Friday, December 04, 2009

Bike Riding in the Suburbs vs Urban Areas

Davan and I took the bull by the horns and, even though it was under 30 degrees this morning when it was time to leave, we rode to the Oregon Convention Center for the Festival of the Trees. Davan was not feeling excited about riding, but I was. It's about a 14 mile ride. We layered up, put a skiing type face mask on Davan, wore hats under our helmets and used our ski gloves rather than our bike gloves.

The ride was a good one. It was stressful for Davan at first, figuring out how to shift and break with the big bulky ski gloves on and we were cold at first and a little sweaty later, but were both truly glad to have ridden. The ride home was easier with fewer layers (and no face mask) needed and, while it was still almost too cold for them, our long fingered bike gloves rather than ski gloves.

Our ride to the convention center (which is largely the same route as our ride to Do Jump) had me thinking more about something that has been bouncing around in my head for a couple weeks. Our route takes us from the suburbs, where we live, into the urban area. Out in the suburbs, at least here in the Portland Metro area, you will still find bike lanes. However, you won't find a lot of people using them. The bike density increases significantly after passing out of the suburbs, though the kind of iffy in between area and into the populous urban center.

Why do more people ride in the urban area? Well, I don't necessarily think it's because everything is closer, although, to some extent, that's true. Places like OMSI (our science museum), the convention center and downtown are closer and riding to them is much more convenient if you live close. However, where, other than commuting to work perhaps, which may well be downtown, do people go the most often by car or bike? School or the grocery store, I'm thinking. In the suburbs, at least around here, these places aren't any further away then they are in the urban area. So, why don't people ride their bikes there in the suburbs?

I think there are several factors at play here. One is that things feel more spread out in the suburbs. Houses tend to be further apart. More space is given to parking lots. Because there is more space between things, it feels further, even though we have some 4 or 5 grocery stores within a mile and a half of us.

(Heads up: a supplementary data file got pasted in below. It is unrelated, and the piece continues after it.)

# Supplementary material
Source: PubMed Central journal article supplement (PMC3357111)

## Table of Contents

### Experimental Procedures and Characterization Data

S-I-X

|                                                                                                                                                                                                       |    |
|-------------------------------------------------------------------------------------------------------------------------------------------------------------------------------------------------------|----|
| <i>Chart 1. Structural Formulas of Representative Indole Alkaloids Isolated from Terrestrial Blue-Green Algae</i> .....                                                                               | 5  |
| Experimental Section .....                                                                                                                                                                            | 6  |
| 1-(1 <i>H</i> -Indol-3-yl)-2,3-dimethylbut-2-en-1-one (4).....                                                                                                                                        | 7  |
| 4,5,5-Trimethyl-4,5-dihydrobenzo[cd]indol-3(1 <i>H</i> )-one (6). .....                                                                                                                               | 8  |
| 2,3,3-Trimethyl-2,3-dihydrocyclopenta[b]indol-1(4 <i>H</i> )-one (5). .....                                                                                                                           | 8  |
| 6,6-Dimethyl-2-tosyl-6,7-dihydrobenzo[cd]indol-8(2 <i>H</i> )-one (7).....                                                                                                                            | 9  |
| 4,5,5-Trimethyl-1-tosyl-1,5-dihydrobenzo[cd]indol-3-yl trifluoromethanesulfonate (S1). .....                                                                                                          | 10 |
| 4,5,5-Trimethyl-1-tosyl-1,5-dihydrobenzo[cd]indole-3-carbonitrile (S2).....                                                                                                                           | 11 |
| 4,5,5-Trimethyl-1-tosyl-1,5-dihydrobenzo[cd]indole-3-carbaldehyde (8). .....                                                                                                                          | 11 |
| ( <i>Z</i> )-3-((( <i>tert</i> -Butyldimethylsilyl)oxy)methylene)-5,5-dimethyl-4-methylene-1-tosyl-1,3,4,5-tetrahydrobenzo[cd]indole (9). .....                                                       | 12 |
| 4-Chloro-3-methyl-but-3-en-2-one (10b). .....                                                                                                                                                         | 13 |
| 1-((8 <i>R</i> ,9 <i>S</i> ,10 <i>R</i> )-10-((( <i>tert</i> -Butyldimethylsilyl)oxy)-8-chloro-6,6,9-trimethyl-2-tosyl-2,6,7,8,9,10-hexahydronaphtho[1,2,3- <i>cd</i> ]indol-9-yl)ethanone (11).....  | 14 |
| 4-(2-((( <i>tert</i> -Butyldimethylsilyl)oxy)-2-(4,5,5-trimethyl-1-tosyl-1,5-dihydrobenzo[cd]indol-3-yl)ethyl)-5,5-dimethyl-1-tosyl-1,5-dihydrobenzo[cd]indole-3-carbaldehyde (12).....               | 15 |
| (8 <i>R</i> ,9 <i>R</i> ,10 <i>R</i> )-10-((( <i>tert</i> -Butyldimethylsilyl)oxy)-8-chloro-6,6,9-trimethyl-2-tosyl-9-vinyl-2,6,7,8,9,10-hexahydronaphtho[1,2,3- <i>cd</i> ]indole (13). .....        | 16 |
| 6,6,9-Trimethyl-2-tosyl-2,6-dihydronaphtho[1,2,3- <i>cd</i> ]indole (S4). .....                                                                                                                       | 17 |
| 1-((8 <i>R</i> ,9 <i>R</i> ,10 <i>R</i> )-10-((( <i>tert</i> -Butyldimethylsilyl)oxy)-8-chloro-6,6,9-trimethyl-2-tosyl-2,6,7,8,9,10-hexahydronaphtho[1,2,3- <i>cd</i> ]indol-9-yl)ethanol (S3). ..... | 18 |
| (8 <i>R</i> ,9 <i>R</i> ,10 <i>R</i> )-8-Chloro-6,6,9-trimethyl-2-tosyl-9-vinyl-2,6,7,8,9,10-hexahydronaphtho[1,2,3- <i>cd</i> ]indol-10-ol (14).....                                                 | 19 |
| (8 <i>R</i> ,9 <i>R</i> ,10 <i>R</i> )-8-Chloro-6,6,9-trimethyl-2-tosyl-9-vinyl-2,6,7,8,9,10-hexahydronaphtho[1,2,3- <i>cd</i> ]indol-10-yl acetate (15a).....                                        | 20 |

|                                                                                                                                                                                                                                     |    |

Another is that, even though we do have bike lanes, we don't seem to have as many side walks. Pedestrian traffic means more people out of cars and, thus, more people likely to choose to be out of cars, even by way of bike.

In the urban areas, it's not nearly as easy to drive as it is in the suburbs. Out here, the streets are wide and car friendly. In the urban areas, the streets are narrow, often with cars parked on both sides, meaning that cars have to dive in and out of parked cars to pass each other. Also, it's not as easy to drive because there are so many pedestrians and bicyclists and you really have to watch out for them. Of course, this becomes a chicken and egg thing - which came first?

In good part, though, I think it comes down to who is choosing to live where. Generally, people who choose to live in the urban area prize different things than those choosing to live in the suburbs. Urban people, generally speaking, want things close and don't prize cars. Suburban people are, often, creating a life around their car. By definition, many suburbanites are commuting and, more times than not, this involves a car.

All of this reinforces the fact that we probably living in the wrong place. Given our priorities, while not our finances, we should be living urbanely. This is a goal of mine, but it is so much more expensive and moving is a drag, so we'll see if it actually comes to fruition.

1 comment:

  1. Moving sucks. I'd rather go through labor. Or shoulder surgery. Either one is preferable to moving.